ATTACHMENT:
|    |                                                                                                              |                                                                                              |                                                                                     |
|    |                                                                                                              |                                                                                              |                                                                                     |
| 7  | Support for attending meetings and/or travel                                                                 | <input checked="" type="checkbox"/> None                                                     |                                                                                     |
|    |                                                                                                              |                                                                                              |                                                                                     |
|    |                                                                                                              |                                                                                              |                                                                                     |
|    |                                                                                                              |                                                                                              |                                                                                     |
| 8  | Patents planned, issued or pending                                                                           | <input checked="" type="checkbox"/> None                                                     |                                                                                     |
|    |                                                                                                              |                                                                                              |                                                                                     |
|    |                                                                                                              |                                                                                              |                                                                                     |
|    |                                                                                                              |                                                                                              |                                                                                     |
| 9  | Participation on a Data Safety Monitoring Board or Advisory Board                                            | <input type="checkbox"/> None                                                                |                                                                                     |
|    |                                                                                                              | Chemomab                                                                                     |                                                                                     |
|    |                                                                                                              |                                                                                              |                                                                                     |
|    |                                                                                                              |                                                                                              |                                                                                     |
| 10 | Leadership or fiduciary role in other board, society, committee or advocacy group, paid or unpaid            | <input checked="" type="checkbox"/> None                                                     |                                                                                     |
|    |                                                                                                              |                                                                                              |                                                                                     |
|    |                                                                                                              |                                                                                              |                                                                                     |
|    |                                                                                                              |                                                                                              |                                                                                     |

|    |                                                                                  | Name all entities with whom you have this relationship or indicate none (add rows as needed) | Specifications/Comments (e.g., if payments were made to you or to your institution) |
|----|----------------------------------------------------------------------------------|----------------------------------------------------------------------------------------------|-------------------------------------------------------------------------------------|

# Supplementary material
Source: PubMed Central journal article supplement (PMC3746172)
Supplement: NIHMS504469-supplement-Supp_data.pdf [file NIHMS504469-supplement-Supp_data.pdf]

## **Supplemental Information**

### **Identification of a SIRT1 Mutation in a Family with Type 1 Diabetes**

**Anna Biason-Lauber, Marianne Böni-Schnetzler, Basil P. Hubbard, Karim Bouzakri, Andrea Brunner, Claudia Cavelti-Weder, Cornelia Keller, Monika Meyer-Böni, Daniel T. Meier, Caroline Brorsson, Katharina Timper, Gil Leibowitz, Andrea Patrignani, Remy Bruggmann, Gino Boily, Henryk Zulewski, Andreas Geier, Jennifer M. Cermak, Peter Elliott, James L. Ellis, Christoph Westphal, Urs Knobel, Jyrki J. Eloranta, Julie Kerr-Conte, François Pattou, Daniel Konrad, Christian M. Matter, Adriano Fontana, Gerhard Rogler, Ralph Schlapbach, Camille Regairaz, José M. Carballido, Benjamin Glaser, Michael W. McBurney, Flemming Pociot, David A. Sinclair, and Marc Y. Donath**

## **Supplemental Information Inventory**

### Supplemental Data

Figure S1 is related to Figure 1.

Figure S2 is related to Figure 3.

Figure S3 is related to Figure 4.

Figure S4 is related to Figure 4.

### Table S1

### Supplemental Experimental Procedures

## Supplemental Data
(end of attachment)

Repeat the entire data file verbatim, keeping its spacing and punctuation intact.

|    |                                                                                                              |                                                                                              |                                                                                     |
|    |                                                                                                              |                                                                                              |                                                                                     |
| 7  | Support for attending meetings and/or travel                                                                 | <input checked="" type="checkbox"/> None                                                     |                                                                                     |
|    |                                                                                                              |                                                                                              |                                                                                     |
|    |                                                                                                              |                                                                                              |                                                                                     |
|    |                                                                                                              |                                                                                              |                                                                                     |
| 8  | Patents planned, issued or pending                                                                           | <input checked="" type="checkbox"/> None                                                     |                                                                                     |
|    |                                                                                                              |                                                                                              |                                                                                     |
|    |                                                                                                              |                                                                                              |                                                                                     |
|    |                                                                                                              |                                                                                              |                                                                                     |
| 9  | Participation on a Data Safety Monitoring Board or Advisory Board                                            | <input type="checkbox"/> None                                                                |                                                                                     |
|    |                                                                                                              | Chemomab                                                                                     |                                                                                     |
|    |                                                                                                              |                                                                                              |                                                                                     |
|    |                                                                                                              |                                                                                              |                                                                                     |
| 10 | Leadership or fiduciary role in other board, society, committee or advocacy group, paid or unpaid            | <input checked="" type="checkbox"/> None                                                     |                                                                                     |
|    |                                                                                                              |                                                                                              |                                                                                     |
|    |                                                                                                              |                                                                                              |                                                                                     |
|    |                                                                                                              |                                                                                              |                                                                                     |

|    |                                                                                  | Name all entities with whom you have this relationship or indicate none (add rows as needed) | Specifications/Comments (e.g., if payments were made to you or to your institution) |
|----|----------------------------------------------------------------------------------|----------------------------------------------------------------------------------------------|-------------------------------------------------------------------------------------|

# Supplementary material
Source: PubMed Central journal article supplement (PMC3746172)
Supplement: NIHMS504469-supplement-Supp_data.pdf [file NIHMS504469-supplement-Supp_data.pdf]

## **Supplemental Information**

### **Identification of a SIRT1 Mutation in a Family with Type 1 Diabetes**

**Anna Biason-Lauber, Marianne Böni-Schnetzler, Basil P. Hubbard, Karim Bouzakri, Andrea Brunner, Claudia Cavelti-Weder, Cornelia Keller, Monika Meyer-Böni, Daniel T. Meier, Caroline Brorsson, Katharina Timper, Gil Leibowitz, Andrea Patrignani, Remy Bruggmann, Gino Boily, Henryk Zulewski, Andreas Geier, Jennifer M. Cermak, Peter Elliott, James L. Ellis, Christoph Westphal, Urs Knobel, Jyrki J. Eloranta, Julie Kerr-Conte, François Pattou, Daniel Konrad, Christian M. Matter, Adriano Fontana, Gerhard Rogler, Ralph Schlapbach, Camille Regairaz, José M. Carballido, Benjamin Glaser, Michael W. McBurney, Flemming Pociot, David A. Sinclair, and Marc Y. Donath**

## **Supplemental Information Inventory**

### Supplemental Data

Figure S1 is related to Figure 1.

Figure S2 is related to Figure 3.

Figure S3 is related to Figure 4.

Figure S4 is related to Figure 4.

### Table S1

### Supplemental Experimental Procedures

## Supplemental Data